Laws need to be changed.

Every thing done by governments is by law. There are laws that state this or that regarding the use of some of the funds. Man made the laws, man can change the laws. How much effort would it be to include at the end of every law "...or if considered excess or not needed for the current operation that the funds will be refunded to the taxpayers?" See how easy it is.

At one time every law had its place, but things change. The laws need to be reviewed for change to meet the current needs of the government and the people to release these funds for use/refunded.

If this were accomplished, the State would have a huge surplus to refund (rebate or tax reductions) to the taxpayers. Such a refund would create considerable wealth and jobs, increase wages, increase State and local government revenues, dramatically increase the economy, and create the greatest economic expansion in the history of the State. Everyone wins.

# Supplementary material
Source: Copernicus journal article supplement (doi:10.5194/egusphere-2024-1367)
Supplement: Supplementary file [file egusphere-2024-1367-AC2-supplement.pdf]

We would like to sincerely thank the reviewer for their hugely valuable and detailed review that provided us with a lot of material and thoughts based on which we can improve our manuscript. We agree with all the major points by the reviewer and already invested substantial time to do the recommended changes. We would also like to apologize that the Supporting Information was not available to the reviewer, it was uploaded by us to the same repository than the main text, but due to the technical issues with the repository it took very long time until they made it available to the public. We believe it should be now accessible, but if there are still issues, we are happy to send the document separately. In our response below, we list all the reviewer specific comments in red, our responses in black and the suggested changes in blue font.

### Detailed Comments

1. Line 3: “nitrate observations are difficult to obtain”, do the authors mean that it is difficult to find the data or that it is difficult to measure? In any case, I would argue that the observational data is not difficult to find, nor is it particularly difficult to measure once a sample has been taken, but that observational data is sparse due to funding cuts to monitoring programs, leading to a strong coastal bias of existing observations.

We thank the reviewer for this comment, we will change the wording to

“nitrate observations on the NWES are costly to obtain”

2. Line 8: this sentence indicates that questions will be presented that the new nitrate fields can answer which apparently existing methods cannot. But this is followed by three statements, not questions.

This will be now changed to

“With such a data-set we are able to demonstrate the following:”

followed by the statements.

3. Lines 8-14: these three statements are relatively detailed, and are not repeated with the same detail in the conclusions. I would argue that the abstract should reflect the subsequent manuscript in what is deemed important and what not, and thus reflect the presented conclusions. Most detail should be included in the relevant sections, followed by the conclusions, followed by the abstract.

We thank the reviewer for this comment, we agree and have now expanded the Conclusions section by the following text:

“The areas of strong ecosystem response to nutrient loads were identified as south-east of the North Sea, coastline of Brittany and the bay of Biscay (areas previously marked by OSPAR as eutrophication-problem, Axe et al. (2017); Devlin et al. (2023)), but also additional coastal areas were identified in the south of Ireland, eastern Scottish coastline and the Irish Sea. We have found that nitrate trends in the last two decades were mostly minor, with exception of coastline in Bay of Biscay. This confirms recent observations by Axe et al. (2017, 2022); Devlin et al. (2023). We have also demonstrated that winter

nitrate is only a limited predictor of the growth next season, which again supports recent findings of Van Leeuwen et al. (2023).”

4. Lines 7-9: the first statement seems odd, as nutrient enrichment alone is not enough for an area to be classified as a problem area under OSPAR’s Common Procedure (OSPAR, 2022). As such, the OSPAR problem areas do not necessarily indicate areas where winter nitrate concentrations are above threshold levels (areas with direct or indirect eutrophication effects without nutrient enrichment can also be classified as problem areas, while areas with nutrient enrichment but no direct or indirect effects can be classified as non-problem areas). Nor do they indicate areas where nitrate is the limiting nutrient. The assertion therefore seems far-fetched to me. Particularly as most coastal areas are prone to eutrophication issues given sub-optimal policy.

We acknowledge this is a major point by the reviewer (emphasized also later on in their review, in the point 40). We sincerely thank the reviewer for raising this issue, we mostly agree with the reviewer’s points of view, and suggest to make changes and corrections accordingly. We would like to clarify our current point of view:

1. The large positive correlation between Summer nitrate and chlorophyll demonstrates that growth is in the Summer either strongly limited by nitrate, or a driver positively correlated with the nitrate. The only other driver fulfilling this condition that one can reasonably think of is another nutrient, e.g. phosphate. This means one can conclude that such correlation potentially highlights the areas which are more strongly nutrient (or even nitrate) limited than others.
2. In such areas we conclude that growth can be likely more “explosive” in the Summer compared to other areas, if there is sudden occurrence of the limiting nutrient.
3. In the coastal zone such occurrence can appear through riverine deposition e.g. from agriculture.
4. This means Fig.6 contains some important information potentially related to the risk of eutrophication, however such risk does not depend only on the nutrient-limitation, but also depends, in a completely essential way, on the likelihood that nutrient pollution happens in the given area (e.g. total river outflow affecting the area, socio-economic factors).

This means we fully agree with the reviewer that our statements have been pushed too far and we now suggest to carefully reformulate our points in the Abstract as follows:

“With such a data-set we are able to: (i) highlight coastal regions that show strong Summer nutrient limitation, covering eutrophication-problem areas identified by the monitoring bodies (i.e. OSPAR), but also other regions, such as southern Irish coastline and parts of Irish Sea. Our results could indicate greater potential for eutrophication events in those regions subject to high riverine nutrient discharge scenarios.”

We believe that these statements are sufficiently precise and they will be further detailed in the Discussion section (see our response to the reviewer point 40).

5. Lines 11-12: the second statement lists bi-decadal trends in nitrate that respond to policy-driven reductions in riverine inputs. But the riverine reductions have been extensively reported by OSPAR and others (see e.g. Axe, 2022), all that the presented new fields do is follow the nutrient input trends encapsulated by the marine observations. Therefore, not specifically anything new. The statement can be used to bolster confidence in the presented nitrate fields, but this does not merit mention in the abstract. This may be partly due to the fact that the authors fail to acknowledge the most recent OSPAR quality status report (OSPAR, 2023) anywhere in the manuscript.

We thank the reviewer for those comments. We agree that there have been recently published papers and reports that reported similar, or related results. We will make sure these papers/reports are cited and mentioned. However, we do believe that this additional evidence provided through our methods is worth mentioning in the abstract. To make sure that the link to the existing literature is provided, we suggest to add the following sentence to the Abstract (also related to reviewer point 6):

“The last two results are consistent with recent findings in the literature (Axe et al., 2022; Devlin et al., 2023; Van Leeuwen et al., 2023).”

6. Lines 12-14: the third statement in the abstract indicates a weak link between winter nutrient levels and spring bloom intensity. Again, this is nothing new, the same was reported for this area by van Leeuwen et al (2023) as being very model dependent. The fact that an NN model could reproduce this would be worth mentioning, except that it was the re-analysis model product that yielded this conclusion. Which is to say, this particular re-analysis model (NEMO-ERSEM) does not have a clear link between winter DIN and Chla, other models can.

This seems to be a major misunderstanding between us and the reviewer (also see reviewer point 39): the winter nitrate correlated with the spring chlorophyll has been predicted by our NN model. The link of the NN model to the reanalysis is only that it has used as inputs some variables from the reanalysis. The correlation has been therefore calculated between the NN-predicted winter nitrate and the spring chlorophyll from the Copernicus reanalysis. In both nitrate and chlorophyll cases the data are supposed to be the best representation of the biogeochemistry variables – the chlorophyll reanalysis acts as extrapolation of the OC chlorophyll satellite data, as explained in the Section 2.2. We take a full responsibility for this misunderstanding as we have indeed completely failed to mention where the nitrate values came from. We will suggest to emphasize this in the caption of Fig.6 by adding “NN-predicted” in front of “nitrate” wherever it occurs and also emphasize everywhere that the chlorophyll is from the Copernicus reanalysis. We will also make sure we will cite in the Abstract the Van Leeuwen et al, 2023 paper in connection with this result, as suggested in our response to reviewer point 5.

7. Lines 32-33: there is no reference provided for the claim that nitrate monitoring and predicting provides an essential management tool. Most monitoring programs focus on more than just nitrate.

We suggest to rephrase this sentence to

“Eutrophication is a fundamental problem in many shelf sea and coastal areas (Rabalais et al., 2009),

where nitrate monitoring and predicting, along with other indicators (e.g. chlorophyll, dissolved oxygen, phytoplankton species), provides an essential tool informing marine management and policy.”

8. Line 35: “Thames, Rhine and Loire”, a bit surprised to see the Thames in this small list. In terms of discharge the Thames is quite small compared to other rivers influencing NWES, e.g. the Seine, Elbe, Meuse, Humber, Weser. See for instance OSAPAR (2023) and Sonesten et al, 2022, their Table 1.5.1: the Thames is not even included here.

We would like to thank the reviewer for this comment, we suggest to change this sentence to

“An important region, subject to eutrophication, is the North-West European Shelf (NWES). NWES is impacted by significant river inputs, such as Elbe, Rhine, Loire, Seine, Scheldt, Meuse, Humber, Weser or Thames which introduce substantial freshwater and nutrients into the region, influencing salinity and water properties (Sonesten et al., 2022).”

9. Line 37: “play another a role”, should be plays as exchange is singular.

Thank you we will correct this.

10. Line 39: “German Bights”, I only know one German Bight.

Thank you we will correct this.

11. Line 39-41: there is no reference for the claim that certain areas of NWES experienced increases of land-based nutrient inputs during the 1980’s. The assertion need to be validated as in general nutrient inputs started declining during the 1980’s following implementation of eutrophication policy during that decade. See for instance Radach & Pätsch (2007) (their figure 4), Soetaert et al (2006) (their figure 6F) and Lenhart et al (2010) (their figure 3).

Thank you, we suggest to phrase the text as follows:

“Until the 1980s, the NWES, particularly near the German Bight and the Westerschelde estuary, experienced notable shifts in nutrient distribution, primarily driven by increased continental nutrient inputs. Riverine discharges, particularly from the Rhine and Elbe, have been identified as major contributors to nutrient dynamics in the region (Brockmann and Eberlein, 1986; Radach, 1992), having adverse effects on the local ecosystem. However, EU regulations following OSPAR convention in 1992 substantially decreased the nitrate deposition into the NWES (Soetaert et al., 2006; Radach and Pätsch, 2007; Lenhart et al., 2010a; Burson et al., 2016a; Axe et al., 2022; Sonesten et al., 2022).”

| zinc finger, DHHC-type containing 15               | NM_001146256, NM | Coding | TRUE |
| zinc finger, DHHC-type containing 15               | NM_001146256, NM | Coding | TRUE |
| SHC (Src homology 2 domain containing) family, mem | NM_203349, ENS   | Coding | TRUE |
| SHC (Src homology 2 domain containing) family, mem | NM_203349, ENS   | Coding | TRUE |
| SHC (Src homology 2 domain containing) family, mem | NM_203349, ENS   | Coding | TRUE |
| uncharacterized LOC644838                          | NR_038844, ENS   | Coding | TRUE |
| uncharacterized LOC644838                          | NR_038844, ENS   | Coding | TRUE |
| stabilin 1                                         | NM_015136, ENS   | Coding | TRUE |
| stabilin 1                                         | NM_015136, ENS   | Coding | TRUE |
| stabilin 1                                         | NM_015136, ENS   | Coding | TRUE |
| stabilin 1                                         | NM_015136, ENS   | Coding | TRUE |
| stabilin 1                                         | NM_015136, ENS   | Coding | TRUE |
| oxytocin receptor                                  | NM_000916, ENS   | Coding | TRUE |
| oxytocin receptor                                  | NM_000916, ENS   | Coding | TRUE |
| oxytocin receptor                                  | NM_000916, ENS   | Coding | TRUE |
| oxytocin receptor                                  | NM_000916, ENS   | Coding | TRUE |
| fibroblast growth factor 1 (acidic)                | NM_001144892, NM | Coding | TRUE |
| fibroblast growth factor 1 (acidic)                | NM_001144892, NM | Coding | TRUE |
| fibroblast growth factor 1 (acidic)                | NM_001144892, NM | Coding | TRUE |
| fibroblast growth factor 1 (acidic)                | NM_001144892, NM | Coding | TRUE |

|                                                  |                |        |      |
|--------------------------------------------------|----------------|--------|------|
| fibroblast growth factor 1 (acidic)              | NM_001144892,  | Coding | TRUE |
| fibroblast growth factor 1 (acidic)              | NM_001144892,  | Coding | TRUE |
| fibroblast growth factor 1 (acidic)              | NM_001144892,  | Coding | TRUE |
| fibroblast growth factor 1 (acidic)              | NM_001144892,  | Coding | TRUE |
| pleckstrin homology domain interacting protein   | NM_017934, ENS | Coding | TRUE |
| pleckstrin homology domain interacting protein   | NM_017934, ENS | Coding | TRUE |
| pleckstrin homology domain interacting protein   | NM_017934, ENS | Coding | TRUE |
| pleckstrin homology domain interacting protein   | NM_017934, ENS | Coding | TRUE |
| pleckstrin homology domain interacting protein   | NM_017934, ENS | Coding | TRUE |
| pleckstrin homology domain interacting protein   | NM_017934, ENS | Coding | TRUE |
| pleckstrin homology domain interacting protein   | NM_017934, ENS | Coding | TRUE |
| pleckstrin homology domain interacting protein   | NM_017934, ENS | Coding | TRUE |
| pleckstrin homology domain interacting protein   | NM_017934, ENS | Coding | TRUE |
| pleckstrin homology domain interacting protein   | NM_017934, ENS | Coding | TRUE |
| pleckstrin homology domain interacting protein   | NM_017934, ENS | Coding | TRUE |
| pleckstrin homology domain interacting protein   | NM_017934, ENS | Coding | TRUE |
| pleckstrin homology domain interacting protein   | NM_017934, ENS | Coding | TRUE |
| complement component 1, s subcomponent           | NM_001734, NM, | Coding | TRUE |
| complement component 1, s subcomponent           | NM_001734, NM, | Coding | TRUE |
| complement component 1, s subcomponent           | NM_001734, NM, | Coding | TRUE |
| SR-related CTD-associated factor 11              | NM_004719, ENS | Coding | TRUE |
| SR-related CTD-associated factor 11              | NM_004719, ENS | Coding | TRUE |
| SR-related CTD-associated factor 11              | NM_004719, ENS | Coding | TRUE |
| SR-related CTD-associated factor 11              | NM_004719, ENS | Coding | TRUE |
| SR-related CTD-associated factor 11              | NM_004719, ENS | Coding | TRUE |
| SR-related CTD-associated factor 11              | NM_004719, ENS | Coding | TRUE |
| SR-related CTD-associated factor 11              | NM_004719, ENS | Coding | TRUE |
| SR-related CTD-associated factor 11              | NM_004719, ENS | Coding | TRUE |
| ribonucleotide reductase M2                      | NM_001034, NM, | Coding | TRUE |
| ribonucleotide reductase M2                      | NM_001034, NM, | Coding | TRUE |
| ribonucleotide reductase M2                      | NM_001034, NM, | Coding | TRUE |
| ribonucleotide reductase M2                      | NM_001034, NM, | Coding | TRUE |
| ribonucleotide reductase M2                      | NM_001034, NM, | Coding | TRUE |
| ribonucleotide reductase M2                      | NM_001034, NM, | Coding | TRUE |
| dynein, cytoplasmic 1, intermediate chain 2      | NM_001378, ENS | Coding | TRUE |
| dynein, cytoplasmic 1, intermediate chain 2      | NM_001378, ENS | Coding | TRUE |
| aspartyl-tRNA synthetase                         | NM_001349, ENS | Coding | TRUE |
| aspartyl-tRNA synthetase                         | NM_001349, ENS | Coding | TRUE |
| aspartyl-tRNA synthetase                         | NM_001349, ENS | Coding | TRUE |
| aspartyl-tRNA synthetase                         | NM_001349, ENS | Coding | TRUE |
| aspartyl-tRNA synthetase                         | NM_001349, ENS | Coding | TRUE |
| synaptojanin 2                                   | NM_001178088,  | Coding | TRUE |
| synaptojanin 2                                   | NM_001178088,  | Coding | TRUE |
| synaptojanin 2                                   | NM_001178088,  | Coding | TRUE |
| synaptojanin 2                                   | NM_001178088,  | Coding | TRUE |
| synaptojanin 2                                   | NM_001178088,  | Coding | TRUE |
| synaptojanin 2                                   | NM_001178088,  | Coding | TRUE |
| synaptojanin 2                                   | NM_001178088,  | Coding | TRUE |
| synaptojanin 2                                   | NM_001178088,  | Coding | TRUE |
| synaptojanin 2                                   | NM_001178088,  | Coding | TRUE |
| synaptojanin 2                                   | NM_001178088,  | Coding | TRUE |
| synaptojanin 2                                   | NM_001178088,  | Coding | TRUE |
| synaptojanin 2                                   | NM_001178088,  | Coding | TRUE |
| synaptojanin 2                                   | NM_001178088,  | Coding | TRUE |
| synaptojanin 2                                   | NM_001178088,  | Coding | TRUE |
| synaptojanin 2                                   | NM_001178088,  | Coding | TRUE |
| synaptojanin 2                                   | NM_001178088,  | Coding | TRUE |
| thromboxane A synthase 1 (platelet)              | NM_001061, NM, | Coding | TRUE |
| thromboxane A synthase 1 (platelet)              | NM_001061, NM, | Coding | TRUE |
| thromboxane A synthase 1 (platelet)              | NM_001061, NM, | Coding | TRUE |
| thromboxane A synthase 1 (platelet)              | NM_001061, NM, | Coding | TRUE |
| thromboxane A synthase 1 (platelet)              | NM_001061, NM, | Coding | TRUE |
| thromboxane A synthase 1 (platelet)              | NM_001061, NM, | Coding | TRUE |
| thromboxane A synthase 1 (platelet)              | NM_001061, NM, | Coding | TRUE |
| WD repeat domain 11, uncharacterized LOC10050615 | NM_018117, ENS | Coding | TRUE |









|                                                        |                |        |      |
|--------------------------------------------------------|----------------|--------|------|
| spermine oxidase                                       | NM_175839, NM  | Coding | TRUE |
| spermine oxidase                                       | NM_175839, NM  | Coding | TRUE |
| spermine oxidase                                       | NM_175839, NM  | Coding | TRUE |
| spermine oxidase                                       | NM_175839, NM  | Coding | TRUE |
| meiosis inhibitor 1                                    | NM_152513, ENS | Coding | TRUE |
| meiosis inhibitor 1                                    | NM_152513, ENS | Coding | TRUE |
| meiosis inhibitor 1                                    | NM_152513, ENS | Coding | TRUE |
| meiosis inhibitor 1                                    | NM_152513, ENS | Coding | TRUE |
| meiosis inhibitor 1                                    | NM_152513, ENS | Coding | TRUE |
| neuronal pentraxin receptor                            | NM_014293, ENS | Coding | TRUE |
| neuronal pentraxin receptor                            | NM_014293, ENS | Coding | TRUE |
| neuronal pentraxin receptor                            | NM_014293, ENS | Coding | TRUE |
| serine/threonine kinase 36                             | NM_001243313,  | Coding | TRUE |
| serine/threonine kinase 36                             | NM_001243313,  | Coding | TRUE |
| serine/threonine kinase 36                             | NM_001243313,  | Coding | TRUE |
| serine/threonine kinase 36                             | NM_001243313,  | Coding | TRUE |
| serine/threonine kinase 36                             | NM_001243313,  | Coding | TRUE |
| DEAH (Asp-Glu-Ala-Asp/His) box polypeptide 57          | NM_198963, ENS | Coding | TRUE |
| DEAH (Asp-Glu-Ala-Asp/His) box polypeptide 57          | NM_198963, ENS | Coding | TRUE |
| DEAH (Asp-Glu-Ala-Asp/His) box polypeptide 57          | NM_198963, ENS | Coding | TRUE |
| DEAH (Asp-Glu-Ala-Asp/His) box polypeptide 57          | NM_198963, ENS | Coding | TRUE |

If you want to know the financial condition of your government(s), do not look at the budget. Get the CAFR.

The Synergistic Magic of Economics.

What happens when the government holds the $4.8 billion.

  (In Thousands) Investment Income   Per   Capita Family of 4    
  The government holds and investments the surpluses at 4.5%. 215,953 91 363  

Here is what happens when the $4.8 billion is returned to the taxpayers (the private economy).

  (In Thousands) Surplus
Per   Capita Family of 4    
  The surplus is returned to the taxpayers. 4,798,947 2,018 8,072  
  Wages are increased. 2,399,473 1,009 4,036  
  State government revenues increase. 962,394 405 1,619  
Local government revenues increase. 769,915 324 1,295  
  Federal government revenues increase. 1,924,788 809 3,238  
  Total Benefits...   4,565 18,260